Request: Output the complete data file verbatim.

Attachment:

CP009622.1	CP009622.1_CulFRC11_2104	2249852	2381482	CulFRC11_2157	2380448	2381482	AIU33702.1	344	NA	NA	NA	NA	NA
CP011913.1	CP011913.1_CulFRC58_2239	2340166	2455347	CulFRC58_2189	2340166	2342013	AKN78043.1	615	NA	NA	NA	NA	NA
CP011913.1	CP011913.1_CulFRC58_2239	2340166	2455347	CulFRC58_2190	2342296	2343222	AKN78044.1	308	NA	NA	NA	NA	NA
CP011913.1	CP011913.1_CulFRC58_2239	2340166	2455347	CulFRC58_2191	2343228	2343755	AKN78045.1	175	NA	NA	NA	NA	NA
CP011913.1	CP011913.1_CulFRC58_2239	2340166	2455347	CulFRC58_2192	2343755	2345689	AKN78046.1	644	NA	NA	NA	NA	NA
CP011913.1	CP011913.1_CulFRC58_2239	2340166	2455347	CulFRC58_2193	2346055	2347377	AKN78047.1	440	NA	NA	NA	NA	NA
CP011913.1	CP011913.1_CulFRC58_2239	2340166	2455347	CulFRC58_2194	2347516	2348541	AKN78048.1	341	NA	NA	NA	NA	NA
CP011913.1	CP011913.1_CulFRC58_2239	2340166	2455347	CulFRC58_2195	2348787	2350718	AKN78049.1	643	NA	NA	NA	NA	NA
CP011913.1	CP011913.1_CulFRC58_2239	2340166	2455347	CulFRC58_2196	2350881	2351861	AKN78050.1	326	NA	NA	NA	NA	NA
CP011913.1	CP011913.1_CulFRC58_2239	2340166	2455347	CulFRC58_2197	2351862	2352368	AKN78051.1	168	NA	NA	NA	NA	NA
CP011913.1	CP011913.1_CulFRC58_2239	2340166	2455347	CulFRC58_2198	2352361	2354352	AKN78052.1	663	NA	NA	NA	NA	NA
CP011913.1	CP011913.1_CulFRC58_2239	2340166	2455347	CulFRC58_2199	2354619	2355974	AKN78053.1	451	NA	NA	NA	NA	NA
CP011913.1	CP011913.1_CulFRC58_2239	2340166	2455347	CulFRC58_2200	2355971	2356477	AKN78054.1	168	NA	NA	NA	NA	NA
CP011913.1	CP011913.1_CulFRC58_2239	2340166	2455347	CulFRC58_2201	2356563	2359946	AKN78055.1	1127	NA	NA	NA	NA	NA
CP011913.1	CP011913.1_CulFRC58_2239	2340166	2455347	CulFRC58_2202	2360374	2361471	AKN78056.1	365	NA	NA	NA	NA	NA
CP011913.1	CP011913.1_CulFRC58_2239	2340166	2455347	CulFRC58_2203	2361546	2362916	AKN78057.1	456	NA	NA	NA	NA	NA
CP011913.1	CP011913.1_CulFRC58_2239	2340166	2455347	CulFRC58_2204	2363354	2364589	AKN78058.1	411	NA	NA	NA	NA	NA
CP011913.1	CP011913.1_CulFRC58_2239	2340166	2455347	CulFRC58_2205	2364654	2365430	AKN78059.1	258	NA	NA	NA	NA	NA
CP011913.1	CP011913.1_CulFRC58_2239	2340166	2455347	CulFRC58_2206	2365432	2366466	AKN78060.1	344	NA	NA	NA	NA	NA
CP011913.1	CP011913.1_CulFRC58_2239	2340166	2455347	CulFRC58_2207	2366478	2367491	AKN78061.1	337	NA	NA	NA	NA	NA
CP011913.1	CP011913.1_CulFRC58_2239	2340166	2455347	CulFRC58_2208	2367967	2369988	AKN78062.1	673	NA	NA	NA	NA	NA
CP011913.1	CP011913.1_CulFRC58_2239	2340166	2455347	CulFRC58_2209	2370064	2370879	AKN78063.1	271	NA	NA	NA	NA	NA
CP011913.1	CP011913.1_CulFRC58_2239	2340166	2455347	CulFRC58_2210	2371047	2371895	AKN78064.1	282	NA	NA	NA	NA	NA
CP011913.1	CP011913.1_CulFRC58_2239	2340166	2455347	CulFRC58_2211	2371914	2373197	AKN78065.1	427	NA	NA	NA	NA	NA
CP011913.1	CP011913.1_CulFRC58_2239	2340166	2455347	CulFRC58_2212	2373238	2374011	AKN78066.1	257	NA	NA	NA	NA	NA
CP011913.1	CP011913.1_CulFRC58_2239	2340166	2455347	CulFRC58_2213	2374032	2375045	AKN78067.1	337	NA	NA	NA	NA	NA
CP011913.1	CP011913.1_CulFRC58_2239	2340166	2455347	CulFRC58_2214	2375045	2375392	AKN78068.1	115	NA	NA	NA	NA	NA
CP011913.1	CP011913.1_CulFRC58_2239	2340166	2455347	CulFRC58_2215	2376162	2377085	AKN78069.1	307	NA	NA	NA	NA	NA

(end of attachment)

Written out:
CP009622.1	CP009622.1_CulFRC11_2104	2249852	2381482	CulFRC11_2157	2380448	2381482	AIU33702.1	344	NA	NA	NA	NA	NA
CP011913.1	CP011913.1_CulFRC58_2239	2340166	2455347	CulFRC58_2189	2340166	2342013	AKN78043.1	615	NA	NA	NA	NA	NA
CP011913.1	CP011913.1_CulFRC58_2239	2340166	2455347	CulFRC58_2190	2342296	2343222	AKN78044.1	308	NA	NA	NA	NA	NA
CP011913.1	CP011913.1_CulFRC58_2239	2340166	2455347	CulFRC58_2191	2343228	2343755	AKN78045.1	175	NA	NA	NA	NA	NA
CP011913.1	CP011913.1_CulFRC58_2239	2340166	2455347	CulFRC58_2192	2343755	2345689	AKN78046.1	644	NA	NA	NA	NA	NA
CP011913.1	CP011913.1_CulFRC58_2239	2340166	2455347	CulFRC58_2193	2346055	2347377	AKN78047.1	440	NA	NA	NA	NA	NA
CP011913.1	CP011913.1_CulFRC58_2239	2340166	2455347	CulFRC58_2194	2347516	2348541	AKN78048.1	341	NA	NA	NA	NA	NA
CP011913.1	CP011913.1_CulFRC58_2239	2340166	2455347	CulFRC58_2195	2348787	2350718	AKN78049.1	643	NA	NA	NA	NA	NA
CP011913.1	CP011913.1_CulFRC58_2239	2340166	2455347	CulFRC58_2196	2350881	2351861	AKN78050.1	326	NA	NA	NA	NA	NA
CP011913.1	CP011913.1_CulFRC58_2239	2340166	2455347	CulFRC58_2197	2351862	2352368	AKN78051.1	168	NA	NA	NA	NA	NA
CP011913.1	CP011913.1_CulFRC58_2239	2340166	2455347	CulFRC58_2198	2352361	2354352	AKN78052.1	663	NA	NA	NA	NA	NA
CP011913.1	CP011913.1_CulFRC58_2239	2340166	2455347	CulFRC58_2199	2354619	2355974	AKN78053.1	451	NA	NA	NA	NA	NA
CP011913.1	CP011913.1_CulFRC58_2239	2340166	2455347	CulFRC58_2200	2355971	2356477	AKN78054.1	168	NA	NA	NA	NA	NA
CP011913.1	CP011913.1_CulFRC58_2239	2340166	2455347	CulFRC58_2201	2356563	2359946	AKN78055.1	1127	NA	NA	NA	NA	NA
CP011913.1	CP011913.1_CulFRC58_2239	2340166	2455347	CulFRC58_2202	2360374	2361471	AKN78056.1	365	NA	NA	NA	NA	NA
CP011913.1	CP011913.1_CulFRC58_2239	2340166	2455347	CulFRC58_2203	2361546	2362916	AKN78057.1	456	NA	NA	NA	NA	NA
CP011913.1	CP011913.1_CulFRC58_2239	2340166	2455347	CulFRC58_2204	2363354	2364589	AKN78058.1	411	NA	NA	NA	NA	NA
CP011913.1	CP011913.1_CulFRC58_2239	2340166	2455347	CulFRC58_2205	2364654	2365430	AKN78059.1	258	NA	NA	NA	NA	NA
CP011913.1	CP011913.1_CulFRC58_2239	2340166	2455347	CulFRC58_2206	2365432	2366466	AKN78060.1	344	NA	NA	NA	NA	NA
CP011913.1	CP011913.1_CulFRC58_2239	2340166	2455347	CulFRC58_2207	2366478	2367491	AKN78061.1	337	NA	NA	NA	NA	NA
CP011913.1	CP011913.1_CulFRC58_2239	2340166	2455347	CulFRC58_2208	2367967	2369988	AKN78062.1	673	NA	NA	NA	NA	NA
CP011913.1	CP011913.1_CulFRC58_2239	2340166	2455347	CulFRC58_2209	2370064	2370879	AKN78063.1	271	NA	NA	NA	NA	NA
CP011913.1	CP011913.1_CulFRC58_2239	2340166	2455347	CulFRC58_2210	2371047	2371895	AKN78064.1	282	NA	NA	NA	NA	NA
CP011913.1	CP011913.1_CulFRC58_2239	2340166	2455347	CulFRC58_2211	2371914	2373197	AKN78065.1	427	NA	NA	NA	NA	NA
CP011913.1	CP011913.1_CulFRC58_2239	2340166	2455347	CulFRC58_2212	2373238	2374011	AKN78066.1	257	NA	NA	NA	NA	NA
CP011913.1	CP011913.1_CulFRC58_2239	2340166	2455347	CulFRC58_2213	2374032	2375045	AKN78067.1	337	NA	NA	NA	NA	NA
CP011913.1	CP011913.1_CulFRC58_2239	2340166	2455347	CulFRC58_2214	2375045	2375392	AKN78068.1	115	NA	NA	NA	NA	NA
CP011913.1	CP011913.1_CulFRC58_2239	2340166	2455347	CulFRC58_2215	2376162	2377085	AKN78069.1	307	NA	NA	NA	NA	NA